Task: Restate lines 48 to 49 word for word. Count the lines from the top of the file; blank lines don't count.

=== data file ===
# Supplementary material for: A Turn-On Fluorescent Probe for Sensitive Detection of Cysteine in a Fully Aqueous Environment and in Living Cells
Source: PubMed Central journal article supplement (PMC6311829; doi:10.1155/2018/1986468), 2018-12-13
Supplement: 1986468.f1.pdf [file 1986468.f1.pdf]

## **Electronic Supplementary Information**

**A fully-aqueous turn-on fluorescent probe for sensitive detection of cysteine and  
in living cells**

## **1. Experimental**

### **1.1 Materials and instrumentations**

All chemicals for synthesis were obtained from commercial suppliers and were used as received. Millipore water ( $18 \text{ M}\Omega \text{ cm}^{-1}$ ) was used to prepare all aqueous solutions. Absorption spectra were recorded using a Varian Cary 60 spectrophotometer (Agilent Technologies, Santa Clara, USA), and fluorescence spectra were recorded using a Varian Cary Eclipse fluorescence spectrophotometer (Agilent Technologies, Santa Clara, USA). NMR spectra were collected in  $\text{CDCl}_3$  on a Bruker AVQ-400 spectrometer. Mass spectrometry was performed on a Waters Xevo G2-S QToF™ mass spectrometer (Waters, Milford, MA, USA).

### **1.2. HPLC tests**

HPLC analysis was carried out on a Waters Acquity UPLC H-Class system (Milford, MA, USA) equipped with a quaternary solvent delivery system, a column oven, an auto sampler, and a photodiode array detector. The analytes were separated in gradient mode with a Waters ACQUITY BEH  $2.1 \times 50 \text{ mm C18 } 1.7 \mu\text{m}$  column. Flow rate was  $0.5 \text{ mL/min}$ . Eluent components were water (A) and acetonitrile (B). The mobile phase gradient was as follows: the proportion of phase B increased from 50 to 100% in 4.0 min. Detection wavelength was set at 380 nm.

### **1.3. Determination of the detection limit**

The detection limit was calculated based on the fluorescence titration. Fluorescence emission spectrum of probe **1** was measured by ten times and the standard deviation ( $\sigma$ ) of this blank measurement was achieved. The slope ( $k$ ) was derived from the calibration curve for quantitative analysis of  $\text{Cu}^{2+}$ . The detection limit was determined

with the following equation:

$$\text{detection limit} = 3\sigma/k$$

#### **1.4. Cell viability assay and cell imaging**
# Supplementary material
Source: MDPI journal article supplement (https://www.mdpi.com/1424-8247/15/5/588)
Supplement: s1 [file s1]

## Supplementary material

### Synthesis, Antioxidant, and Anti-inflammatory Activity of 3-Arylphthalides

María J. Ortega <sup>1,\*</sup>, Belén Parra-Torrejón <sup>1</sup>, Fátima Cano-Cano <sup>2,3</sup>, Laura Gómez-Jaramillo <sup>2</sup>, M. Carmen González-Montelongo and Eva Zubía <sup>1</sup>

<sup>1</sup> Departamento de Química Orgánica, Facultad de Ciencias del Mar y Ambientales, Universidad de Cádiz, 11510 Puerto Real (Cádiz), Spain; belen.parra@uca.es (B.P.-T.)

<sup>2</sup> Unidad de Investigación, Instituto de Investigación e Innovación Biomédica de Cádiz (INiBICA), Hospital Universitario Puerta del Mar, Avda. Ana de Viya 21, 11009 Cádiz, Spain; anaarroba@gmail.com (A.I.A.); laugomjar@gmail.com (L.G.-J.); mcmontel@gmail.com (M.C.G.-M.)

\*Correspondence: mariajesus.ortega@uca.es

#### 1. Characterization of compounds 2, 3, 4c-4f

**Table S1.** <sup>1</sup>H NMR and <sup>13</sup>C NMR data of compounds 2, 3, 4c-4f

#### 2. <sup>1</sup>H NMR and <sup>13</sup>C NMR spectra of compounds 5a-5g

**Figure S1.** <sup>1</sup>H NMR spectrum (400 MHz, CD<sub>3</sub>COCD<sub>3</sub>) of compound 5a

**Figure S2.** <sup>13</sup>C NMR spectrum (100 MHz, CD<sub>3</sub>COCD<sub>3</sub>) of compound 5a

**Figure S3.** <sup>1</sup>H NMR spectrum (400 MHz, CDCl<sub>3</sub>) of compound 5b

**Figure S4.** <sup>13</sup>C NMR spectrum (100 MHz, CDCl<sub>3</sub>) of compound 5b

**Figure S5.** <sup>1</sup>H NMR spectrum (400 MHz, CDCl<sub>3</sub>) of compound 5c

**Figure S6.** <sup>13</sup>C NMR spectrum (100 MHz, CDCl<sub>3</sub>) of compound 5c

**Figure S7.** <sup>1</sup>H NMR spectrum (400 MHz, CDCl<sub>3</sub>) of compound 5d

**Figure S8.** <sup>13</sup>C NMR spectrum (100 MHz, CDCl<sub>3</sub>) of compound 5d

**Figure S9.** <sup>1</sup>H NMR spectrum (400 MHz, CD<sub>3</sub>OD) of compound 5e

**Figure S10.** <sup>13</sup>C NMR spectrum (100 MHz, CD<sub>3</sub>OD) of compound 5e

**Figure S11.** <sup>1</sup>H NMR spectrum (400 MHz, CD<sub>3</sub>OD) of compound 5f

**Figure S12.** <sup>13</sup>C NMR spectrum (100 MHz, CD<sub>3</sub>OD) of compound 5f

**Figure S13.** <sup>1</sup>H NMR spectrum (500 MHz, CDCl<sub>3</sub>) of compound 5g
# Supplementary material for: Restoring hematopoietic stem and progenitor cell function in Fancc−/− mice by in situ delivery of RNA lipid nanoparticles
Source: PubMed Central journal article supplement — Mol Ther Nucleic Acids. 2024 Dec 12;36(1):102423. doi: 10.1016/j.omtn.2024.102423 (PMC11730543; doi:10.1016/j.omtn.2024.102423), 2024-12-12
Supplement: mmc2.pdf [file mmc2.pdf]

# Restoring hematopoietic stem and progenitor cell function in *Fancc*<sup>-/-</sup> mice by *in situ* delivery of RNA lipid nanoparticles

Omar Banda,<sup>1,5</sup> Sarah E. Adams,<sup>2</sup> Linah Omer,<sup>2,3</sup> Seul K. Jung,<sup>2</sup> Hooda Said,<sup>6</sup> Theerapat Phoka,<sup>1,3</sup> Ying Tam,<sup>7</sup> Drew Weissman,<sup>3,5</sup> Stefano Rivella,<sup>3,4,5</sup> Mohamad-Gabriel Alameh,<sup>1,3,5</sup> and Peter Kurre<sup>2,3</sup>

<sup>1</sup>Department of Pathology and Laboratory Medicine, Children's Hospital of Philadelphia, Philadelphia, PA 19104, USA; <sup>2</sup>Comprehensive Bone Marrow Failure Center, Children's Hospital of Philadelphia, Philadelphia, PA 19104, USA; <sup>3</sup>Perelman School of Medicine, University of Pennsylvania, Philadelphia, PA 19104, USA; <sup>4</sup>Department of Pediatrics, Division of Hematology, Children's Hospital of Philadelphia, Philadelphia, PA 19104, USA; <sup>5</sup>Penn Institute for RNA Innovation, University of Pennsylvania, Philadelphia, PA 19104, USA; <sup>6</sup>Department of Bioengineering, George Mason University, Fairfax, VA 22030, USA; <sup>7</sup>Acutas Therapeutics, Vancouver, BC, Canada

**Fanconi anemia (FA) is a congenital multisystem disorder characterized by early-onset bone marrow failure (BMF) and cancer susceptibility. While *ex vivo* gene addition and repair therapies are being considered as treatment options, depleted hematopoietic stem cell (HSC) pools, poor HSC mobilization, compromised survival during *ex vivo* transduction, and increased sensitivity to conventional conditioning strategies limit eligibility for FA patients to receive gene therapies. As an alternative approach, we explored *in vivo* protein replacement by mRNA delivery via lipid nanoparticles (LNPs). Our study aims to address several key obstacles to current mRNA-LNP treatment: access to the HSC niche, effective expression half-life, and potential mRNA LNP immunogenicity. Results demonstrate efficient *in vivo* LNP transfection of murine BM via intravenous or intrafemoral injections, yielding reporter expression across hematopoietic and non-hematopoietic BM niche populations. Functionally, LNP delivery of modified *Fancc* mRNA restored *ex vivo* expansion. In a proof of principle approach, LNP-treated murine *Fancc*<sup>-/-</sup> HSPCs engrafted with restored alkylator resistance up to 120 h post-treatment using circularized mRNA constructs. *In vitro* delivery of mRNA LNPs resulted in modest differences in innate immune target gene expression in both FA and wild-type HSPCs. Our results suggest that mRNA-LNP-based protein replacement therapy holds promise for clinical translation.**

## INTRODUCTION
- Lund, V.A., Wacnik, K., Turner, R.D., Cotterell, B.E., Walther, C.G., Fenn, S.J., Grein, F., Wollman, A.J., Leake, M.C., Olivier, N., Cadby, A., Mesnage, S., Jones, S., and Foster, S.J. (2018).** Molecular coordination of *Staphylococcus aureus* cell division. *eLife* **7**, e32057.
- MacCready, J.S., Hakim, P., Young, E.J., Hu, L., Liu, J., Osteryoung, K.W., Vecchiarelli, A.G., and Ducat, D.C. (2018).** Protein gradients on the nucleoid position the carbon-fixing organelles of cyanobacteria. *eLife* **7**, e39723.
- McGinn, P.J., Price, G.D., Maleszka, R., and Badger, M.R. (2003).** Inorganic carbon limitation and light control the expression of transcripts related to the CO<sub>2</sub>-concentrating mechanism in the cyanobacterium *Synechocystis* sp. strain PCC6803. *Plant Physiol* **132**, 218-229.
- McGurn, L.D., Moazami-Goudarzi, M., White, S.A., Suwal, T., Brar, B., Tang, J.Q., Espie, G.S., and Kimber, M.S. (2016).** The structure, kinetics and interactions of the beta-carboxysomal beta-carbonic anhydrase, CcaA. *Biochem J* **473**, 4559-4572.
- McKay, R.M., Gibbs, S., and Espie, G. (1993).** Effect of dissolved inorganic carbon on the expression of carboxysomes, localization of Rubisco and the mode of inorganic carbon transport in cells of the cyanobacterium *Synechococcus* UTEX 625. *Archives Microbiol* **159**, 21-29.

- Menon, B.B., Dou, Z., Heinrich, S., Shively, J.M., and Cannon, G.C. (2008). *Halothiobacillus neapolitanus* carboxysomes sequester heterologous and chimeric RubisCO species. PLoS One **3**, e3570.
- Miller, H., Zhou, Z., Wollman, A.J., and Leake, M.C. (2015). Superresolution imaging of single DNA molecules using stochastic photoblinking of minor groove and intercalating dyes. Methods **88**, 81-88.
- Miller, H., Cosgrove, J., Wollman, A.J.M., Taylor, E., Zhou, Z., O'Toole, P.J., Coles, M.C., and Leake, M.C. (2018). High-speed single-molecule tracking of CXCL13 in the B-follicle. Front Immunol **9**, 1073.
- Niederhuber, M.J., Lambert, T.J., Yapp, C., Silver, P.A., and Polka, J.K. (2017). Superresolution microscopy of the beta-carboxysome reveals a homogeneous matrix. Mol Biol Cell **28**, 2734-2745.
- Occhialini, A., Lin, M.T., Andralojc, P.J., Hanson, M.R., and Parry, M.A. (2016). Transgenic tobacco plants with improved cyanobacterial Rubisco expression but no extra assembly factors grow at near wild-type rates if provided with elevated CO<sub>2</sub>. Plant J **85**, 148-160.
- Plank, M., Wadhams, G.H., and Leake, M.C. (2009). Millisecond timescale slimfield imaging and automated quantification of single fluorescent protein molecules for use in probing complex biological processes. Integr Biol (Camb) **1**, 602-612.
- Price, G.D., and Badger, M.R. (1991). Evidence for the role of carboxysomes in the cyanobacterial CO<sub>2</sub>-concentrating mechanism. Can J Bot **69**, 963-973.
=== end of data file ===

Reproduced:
**Fanconi anemia (FA) is a congenital multisystem disorder characterized by early-onset bone marrow failure (BMF) and cancer susceptibility. While *ex vivo* gene addition and repair therapies are being considered as treatment options, depleted hematopoietic stem cell (HSC) pools, poor HSC mobilization, compromised survival during *ex vivo* transduction, and increased sensitivity to conventional conditioning strategies limit eligibility for FA patients to receive gene therapies. As an alternative approach, we explored *in vivo* protein replacement by mRNA delivery via lipid nanoparticles (LNPs). Our study aims to address several key obstacles to current mRNA-LNP treatment: access to the HSC niche, effective expression half-life, and potential mRNA LNP immunogenicity. Results demonstrate efficient *in vivo* LNP transfection of murine BM via intravenous or intrafemoral injections, yielding reporter expression across hematopoietic and non-hematopoietic BM niche populations. Functionally, LNP delivery of modified *Fancc* mRNA restored *ex vivo* expansion. In a proof of principle approach, LNP-treated murine *Fancc*<sup>-/-</sup> HSPCs engrafted with restored alkylator resistance up to 120 h post-treatment using circularized mRNA constructs. *In vitro* delivery of mRNA LNPs resulted in modest differences in innate immune target gene expression in both FA and wild-type HSPCs. Our results suggest that mRNA-LNP-based protein replacement therapy holds promise for clinical translation.**

## INTRODUCTION